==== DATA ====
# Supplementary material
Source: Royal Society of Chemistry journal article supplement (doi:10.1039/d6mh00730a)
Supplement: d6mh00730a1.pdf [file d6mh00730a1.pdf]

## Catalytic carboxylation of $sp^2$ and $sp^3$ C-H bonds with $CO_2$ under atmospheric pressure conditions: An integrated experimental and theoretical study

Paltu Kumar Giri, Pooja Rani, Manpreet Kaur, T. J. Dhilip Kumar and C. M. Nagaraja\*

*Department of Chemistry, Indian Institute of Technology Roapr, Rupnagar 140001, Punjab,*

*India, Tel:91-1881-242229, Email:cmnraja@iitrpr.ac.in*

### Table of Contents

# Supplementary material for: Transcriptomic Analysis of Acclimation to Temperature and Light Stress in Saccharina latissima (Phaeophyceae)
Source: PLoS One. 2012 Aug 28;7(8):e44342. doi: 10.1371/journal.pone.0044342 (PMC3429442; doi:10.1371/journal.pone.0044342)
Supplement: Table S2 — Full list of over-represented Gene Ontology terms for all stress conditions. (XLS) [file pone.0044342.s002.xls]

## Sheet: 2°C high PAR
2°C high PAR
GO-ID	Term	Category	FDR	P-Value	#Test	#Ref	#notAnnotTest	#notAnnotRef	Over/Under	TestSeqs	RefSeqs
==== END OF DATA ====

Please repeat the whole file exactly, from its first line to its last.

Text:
# Supplementary material
Source: Royal Society of Chemistry journal article supplement (doi:10.1039/d6mh00730a)
Supplement: d6mh00730a1.pdf [file d6mh00730a1.pdf]

## Catalytic carboxylation of $sp^2$ and $sp^3$ C-H bonds with $CO_2$ under atmospheric pressure conditions: An integrated experimental and theoretical study

Paltu Kumar Giri, Pooja Rani, Manpreet Kaur, T. J. Dhilip Kumar and C. M. Nagaraja\*

*Department of Chemistry, Indian Institute of Technology Roapr, Rupnagar 140001, Punjab,*

*India, Tel:91-1881-242229, Email:cmnraja@iitrpr.ac.in*

### Table of Contents

# Supplementary material for: Transcriptomic Analysis of Acclimation to Temperature and Light Stress in Saccharina latissima (Phaeophyceae)
Source: PLoS One. 2012 Aug 28;7(8):e44342. doi: 10.1371/journal.pone.0044342 (PMC3429442; doi:10.1371/journal.pone.0044342)
Supplement: Table S2 — Full list of over-represented Gene Ontology terms for all stress conditions. (XLS) [file pone.0044342.s002.xls]

## Sheet: 2°C high PAR
2°C high PAR
GO-ID	Term	Category	FDR	P-Value	#Test	#Ref	#notAnnotTest	#notAnnotRef	Over/Under	TestSeqs	RefSeqs